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Runcible Spoon

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Bait

 

     The worms curl up in a wriggly ball, winding round and round in a slimy caress, their bodies uniting into one great mass.  

 

     I gaze down at them wondering if they sense the mutilation ahead, when Melissa’s muddy hands reach in, ripping them apart like spaghetti.  One of them clings on desperately but Melissa tears it off and throws it my way. “Hook it,” she says. Then pierces her own.

 

       I watch, quietly, as her grubby fat fingers force the wire up and up and up through the worm as it twists and turns in despair. The wire acts as a stiff backbone for the top half of the creature while the remainder of its body bends and curves helplessly in mid-air. Melissa holds it up to the light, grinning, her sweat- soaked Medusa curls coiling round the edge of her face.

 

       “Got ya,” she says.

 

   The rest of the gang crane forward as my twin brother John makes a grab for the hook. “Let me have a go,” he says, reaching up. “My turn.”

 

  He glances at her, appealingly, silver-blue eyes shimmering. My stomach lurches. It’s a look that works wonders with grown-ups. But Melissa pushes him away. “No chance,” she snarls. “You’re in charge of worm collection. She’s doing the rest.”

 

      She nods over to where I am crouched studying the worm in front of me.  I glance back at my brother who is now wrestling with the first angry spit of tears. I shrug. The worm she has thrown my way is on a mission, lifting its head in the air, before scrunching up and pushing forward, seeking the safety of its slimy companions.

 

 “Surely,”  I hear it thinking, “Surely the others will save me.”

 

  There is a rushing crash of water as Melissa wades into the river, rod slung over her shoulder.  Knee deep, she stops and casts, then squats down to search for unsuspecting prey shimmering below the surface.  For a minute all is still – the only noise being the soft hiss of water against rock as it snakes lazily downstream.

 

 And then Melissa is bored.  “You do it,” she commands, handing the rod to John. “I’m going to hook more worms.”

 

  John grasps eagerly at the rod, his fingers plump and clumsy and pushes himself dutifully into the river. He turns to smile at me, triumphant. I look the other way.  John is half the size of Melissa who is the eldest in our gang.  He paddles at the edge of the river. I know he is afraid. The water is murky and brown where we are gathered, like a giant spill of old blood. Violence among the currents further upstream has wreaked havoc, leaving a gory pool of water and silt in its wake. Melissa eyeballs him as she sears another worm. “Further,” she commands.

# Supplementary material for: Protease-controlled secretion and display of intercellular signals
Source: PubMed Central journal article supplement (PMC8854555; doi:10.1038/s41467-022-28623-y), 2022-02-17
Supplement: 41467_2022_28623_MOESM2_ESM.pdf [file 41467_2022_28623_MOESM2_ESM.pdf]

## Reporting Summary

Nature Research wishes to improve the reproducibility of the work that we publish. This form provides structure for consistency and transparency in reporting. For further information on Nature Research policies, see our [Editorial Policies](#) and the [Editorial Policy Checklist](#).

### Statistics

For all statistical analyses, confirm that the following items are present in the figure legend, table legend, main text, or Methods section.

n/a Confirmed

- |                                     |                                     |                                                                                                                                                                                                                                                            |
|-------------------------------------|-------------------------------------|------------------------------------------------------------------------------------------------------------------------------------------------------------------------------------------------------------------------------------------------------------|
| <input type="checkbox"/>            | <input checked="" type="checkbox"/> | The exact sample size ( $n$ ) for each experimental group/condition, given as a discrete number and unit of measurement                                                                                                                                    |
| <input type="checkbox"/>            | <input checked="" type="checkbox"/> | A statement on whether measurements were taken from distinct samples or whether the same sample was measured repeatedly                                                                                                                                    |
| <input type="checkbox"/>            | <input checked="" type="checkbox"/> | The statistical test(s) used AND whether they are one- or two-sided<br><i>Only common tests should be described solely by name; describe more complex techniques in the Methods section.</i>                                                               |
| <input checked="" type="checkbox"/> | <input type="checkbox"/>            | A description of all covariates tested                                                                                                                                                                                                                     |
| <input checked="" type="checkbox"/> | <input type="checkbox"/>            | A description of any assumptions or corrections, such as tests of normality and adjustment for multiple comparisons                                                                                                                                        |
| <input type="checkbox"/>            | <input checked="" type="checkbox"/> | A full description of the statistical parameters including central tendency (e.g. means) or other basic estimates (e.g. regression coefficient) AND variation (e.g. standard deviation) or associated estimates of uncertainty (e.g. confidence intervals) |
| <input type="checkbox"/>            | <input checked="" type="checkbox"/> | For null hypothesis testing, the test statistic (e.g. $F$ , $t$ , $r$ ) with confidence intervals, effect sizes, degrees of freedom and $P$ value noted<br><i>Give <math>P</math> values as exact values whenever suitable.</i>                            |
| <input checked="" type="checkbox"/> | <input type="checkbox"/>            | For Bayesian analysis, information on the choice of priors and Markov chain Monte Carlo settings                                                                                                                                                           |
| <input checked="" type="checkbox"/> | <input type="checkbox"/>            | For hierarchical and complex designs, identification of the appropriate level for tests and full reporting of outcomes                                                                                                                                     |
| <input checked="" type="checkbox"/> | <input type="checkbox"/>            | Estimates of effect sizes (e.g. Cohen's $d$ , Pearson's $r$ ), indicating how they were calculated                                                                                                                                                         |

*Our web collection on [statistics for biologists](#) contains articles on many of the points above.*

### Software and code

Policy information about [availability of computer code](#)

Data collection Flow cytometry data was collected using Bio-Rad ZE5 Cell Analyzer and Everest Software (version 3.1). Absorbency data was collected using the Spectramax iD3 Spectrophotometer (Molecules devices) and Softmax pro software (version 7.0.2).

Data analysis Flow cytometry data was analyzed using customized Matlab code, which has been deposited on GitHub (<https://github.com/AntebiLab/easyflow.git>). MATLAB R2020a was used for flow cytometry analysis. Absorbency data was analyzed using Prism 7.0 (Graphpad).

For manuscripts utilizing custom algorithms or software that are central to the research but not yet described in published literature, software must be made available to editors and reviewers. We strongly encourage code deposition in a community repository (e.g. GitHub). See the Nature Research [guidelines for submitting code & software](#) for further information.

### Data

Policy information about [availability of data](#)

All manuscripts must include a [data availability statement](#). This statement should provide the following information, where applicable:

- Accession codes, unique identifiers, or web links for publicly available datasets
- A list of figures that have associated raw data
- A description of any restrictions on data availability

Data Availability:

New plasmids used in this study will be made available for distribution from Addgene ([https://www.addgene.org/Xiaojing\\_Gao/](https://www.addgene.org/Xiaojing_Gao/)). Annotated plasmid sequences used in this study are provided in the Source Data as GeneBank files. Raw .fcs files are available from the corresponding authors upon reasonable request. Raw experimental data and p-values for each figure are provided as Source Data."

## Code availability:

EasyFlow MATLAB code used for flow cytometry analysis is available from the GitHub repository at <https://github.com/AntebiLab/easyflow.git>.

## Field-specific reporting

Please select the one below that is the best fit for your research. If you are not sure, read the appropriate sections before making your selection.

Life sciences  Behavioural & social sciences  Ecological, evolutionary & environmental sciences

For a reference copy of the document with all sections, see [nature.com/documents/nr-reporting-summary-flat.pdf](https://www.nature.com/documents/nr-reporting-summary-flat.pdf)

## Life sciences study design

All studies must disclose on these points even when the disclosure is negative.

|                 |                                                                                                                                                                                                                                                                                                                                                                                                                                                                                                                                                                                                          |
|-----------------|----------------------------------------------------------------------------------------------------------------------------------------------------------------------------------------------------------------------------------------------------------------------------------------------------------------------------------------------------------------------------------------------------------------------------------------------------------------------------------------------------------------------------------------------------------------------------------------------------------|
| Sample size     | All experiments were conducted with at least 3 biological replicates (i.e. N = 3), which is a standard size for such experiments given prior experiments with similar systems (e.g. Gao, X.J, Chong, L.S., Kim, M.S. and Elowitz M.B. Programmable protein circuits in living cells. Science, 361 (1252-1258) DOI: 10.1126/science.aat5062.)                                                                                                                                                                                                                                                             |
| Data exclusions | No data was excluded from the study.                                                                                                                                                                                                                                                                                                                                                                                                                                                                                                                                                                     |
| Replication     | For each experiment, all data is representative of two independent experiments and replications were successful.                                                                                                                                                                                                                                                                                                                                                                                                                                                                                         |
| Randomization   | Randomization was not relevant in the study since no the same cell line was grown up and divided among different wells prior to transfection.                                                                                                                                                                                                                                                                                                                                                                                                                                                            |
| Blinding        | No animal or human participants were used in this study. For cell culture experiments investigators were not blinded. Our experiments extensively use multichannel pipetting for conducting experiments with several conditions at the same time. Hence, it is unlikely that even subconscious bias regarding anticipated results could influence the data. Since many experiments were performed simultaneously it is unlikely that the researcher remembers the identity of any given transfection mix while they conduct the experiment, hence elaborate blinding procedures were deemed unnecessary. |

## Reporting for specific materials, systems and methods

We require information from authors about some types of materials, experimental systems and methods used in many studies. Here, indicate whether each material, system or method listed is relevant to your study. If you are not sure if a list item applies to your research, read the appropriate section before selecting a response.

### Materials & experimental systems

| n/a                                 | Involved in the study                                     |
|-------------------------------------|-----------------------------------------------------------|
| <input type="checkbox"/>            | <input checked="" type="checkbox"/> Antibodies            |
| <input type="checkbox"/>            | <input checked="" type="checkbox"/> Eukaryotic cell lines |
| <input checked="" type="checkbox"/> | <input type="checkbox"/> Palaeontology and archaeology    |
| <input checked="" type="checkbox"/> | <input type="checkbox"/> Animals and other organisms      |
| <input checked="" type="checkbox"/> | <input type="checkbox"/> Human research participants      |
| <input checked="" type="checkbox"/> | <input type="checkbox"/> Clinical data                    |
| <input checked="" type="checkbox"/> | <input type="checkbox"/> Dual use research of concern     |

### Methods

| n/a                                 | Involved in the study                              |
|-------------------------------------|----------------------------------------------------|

John smiles, a good boy smile. Two steps forward the water reaches right up to the top of his thighs. His feet are bare and he is shivering. “Is this far enough?” he whimpers.

 

    Melissa turns to look at me her green eyes flashing; angelic, demonic.

 

 She takes in the worm which is struggling to find safety at my feet and spins round to face my brother. “Further,” she smirks. "Go further."    

 

  I glance back down at the pinky brown streak of slime curling through the dirt towards me and slide my hand forward, hook dangling perilously between my fingers.  I hold it inches from what appears to be the creature’s face but it has no sense of danger.  It reaches up, seeking out the sharp point of the hook and wraps itself round with a blind twist of its head.

 

  A shout from the river makes me glance up. John is struggling to hold on to the rod. His body has rag dolled, swivelling and swaying against the rush of water.  It reaches right up to his chest now, moistening the soft downy curls at the back of his neck.

 

  “Further,” Melissa shouts and the other’s join in. “Further!” they chant.

 

 Their faces ignite as he stumbles forward, gulping water, smiling bravely.  

 

 "Look at me," he warbles. "I'm, I'm fishing."

 

  His hand appears hooked to the fishing rod, as if he himself is the catch, his legs fanning out like fins at the back of him. He looks back at me, his bright blue eyes glass-black and for a second, floats minnow-still on the surface.

 

 And when I stand up to show off my worm, coiled round the sharp point of my hook, he is gone.

 

Andrea Hardaker